“Hip Hop. This isn’t a hobby to me. This isn’t something I just decided to try to. I’ve been doing this my whole life. This is my life. It’s in my DNA. Remember that.” – Gigi Lamayne (South Africa), Tumblr post, January 7, 2016
Hip Hop in Africa emerged in the 1980’s and the 1990’s, a time of immense social change for the continent. While some were freed of colonization and enduring changes in lifestyle, others were being oppressed by another challenge in the name of apartheid. The music informed the youth, helped give words to their reality and rally them. In the years after its arrival in Africa, more and more African hip-hop artists began making socially conscious music that commented on the atrocities and injustices in their government. The artists were often easily linked to liberation struggles, either in their generation or that of their parents. Hip- hop is explored as a representation of African culture, using wordplay and historical narratives. It is during this time that many urban African communities began to struggle economically due to the financial woes of the continent. That struggle gives birth to social activism and hip-hop commentary, reinforcing hip-hop and all of its elements as a political tool while simultaneously influencing the culture in African youth.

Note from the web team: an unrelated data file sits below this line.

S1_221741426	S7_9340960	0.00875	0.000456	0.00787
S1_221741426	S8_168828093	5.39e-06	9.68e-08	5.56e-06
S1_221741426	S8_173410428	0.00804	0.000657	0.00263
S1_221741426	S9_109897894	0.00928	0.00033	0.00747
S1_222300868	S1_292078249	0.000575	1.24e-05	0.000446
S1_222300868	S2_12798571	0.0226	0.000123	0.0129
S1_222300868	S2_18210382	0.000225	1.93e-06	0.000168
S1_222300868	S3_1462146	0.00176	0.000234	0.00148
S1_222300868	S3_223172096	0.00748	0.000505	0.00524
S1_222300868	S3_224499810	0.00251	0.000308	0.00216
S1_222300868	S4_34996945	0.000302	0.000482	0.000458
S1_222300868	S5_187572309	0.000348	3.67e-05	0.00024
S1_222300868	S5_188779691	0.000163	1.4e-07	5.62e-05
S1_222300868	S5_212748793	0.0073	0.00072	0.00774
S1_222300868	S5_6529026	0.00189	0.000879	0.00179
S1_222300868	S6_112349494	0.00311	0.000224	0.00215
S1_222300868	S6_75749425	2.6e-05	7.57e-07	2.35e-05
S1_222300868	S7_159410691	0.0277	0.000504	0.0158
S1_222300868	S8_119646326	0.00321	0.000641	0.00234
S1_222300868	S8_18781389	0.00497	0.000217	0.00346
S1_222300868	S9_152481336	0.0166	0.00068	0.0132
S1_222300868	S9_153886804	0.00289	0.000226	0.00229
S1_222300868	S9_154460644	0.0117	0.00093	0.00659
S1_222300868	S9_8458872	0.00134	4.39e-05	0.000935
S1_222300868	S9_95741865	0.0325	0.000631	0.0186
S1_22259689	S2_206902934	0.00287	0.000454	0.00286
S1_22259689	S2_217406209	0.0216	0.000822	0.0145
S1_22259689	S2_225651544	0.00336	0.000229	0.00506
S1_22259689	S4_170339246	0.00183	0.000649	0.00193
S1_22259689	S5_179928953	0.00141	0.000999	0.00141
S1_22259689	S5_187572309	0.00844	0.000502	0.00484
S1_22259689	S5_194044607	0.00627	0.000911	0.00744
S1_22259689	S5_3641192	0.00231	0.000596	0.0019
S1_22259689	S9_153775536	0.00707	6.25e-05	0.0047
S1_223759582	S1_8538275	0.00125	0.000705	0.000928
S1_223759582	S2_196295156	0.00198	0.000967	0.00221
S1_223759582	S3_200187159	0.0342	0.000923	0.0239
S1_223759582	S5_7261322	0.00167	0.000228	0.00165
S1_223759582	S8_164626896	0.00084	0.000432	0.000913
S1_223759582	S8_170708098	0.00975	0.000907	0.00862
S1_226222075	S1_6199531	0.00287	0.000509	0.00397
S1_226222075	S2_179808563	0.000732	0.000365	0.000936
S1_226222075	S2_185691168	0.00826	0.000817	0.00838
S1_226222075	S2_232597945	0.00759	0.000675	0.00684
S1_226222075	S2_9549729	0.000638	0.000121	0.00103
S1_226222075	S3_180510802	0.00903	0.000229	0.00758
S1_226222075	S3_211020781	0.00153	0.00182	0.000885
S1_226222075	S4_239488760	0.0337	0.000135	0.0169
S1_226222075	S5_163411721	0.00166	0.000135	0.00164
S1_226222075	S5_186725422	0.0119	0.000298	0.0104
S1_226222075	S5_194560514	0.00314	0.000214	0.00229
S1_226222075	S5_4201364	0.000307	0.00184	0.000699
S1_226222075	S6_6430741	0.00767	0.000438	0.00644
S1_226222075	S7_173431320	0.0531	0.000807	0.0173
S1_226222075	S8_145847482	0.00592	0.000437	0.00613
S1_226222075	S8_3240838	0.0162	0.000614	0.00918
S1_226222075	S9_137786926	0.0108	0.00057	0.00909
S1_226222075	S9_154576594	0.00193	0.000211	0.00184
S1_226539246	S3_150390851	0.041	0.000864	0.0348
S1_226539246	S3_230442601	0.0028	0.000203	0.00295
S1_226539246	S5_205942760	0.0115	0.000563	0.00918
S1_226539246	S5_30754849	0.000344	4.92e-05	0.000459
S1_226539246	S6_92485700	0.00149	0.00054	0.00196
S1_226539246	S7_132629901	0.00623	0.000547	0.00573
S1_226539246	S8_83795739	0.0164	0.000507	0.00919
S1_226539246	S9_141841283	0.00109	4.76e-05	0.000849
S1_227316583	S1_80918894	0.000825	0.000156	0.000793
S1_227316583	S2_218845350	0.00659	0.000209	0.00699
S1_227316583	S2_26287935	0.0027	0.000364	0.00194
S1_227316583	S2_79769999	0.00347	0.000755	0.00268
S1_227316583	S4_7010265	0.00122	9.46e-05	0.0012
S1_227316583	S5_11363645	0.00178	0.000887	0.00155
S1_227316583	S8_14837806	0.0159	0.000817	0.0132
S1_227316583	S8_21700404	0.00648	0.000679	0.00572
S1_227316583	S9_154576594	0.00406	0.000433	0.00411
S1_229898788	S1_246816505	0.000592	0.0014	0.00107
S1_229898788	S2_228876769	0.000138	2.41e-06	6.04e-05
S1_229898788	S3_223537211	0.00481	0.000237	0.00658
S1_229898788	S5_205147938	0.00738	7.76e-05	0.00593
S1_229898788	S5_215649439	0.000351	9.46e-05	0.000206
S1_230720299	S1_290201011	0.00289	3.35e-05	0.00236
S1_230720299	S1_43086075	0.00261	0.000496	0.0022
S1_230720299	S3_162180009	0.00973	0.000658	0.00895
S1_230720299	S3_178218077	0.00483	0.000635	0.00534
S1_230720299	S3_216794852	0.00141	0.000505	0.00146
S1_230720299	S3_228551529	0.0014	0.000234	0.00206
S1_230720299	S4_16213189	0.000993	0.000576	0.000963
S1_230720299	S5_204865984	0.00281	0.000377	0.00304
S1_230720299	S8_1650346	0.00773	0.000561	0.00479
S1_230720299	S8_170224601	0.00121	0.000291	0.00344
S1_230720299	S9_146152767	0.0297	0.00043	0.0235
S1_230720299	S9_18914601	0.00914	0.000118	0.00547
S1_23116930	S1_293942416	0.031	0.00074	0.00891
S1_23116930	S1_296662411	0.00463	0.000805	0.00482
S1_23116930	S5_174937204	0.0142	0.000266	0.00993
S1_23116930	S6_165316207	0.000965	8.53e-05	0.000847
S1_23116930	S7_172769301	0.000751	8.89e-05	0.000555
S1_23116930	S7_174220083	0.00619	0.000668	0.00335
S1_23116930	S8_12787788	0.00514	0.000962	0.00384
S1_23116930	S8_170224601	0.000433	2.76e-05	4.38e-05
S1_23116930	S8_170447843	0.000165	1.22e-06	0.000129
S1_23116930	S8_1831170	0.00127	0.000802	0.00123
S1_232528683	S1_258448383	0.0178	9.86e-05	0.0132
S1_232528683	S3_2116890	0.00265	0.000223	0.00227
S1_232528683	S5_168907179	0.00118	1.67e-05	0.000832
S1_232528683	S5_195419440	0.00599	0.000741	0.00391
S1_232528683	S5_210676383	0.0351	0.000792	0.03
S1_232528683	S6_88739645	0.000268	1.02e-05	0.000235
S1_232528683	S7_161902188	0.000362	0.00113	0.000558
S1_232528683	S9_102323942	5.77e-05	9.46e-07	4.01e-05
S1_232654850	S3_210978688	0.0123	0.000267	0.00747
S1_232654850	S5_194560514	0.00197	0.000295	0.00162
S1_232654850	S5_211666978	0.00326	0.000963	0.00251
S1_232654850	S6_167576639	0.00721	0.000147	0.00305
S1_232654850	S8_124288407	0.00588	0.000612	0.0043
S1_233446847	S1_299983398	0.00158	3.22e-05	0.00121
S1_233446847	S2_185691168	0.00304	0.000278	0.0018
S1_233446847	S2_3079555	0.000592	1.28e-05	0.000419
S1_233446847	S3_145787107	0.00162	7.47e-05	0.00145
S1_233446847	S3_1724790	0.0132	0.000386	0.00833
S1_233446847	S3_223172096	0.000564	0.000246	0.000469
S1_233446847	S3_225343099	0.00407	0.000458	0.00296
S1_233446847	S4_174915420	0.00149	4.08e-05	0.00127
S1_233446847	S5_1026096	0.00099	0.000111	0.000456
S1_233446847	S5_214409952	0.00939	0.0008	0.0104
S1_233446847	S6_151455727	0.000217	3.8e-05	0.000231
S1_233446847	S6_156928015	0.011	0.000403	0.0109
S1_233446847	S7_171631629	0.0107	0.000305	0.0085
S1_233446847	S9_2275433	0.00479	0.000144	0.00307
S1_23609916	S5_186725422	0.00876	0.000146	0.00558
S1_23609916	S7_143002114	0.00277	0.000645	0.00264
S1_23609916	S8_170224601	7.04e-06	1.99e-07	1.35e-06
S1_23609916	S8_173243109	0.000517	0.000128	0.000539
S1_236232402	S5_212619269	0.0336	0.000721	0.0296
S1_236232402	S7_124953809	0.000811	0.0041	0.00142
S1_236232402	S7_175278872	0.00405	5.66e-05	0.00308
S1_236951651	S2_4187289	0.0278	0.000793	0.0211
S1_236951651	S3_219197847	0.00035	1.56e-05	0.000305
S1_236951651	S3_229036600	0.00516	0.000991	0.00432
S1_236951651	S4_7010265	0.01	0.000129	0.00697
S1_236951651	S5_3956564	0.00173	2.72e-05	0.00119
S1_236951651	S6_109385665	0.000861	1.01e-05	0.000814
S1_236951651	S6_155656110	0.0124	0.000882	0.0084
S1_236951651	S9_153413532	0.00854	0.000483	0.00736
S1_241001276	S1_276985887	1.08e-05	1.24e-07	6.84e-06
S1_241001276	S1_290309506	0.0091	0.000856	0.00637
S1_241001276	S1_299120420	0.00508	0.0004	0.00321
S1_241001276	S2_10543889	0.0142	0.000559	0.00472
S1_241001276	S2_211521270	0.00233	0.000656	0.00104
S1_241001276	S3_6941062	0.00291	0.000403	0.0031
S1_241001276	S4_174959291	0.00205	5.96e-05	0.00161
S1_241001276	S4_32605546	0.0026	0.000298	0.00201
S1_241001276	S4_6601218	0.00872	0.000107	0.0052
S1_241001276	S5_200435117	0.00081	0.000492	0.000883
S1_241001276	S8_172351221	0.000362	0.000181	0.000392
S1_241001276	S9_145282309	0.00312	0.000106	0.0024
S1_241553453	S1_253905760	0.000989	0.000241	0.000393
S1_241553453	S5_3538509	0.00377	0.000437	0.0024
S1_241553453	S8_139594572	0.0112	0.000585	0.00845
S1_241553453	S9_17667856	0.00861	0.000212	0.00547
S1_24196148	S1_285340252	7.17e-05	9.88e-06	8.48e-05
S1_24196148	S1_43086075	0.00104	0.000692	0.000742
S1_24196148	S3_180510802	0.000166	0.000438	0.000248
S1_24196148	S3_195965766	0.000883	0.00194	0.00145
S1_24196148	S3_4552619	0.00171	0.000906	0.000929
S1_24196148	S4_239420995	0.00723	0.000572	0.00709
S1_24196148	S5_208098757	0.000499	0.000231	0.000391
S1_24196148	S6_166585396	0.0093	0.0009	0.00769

- Read the lyrics to the song “Africa Represent” by M.anifest (Ghana). Reflect on the coded language used in the song, which audiences and subcultures do you think are represented in the verses?
- What similarities and differences do we find in the social and economic environments that led to the emergence of hip hop across Africa and in the U.S.?
- Why did hip-hop first emerge in the Cape Flats area of Cape Town? What conditions were present in the Cape Flats that made it more favorable as the birthplace of South African Hip-Hop?
- What has been the impact of social media on the music industry? How have artists benefited from social media as a platform?
Kidula, J. N. 2012. “The Local and Global in Kenyan Rap and Hip Hop Culture.” In Hip Hop Africa: New Music in a Globalizing World, edited by E. Charry, 171–86. Bloomington: Indiana University Press.
Lennon, J. 2014. “Assembling a Revolution: Graffiti, Cairo and the Arab Spring.” Cultural Studies Review 20 (1): 237–375.
Rabine, L. W. 2014. “The Graffiti Art Movement in Dakar.” African Studies Quarterly 14 (3): 89–112. http://www.africa.ufl.edu/asq/v14 /v14i3a6.pdf.
Saber, R. 2014. Untouched: Egypt’s Revolution in Graffiti. Delizon Press.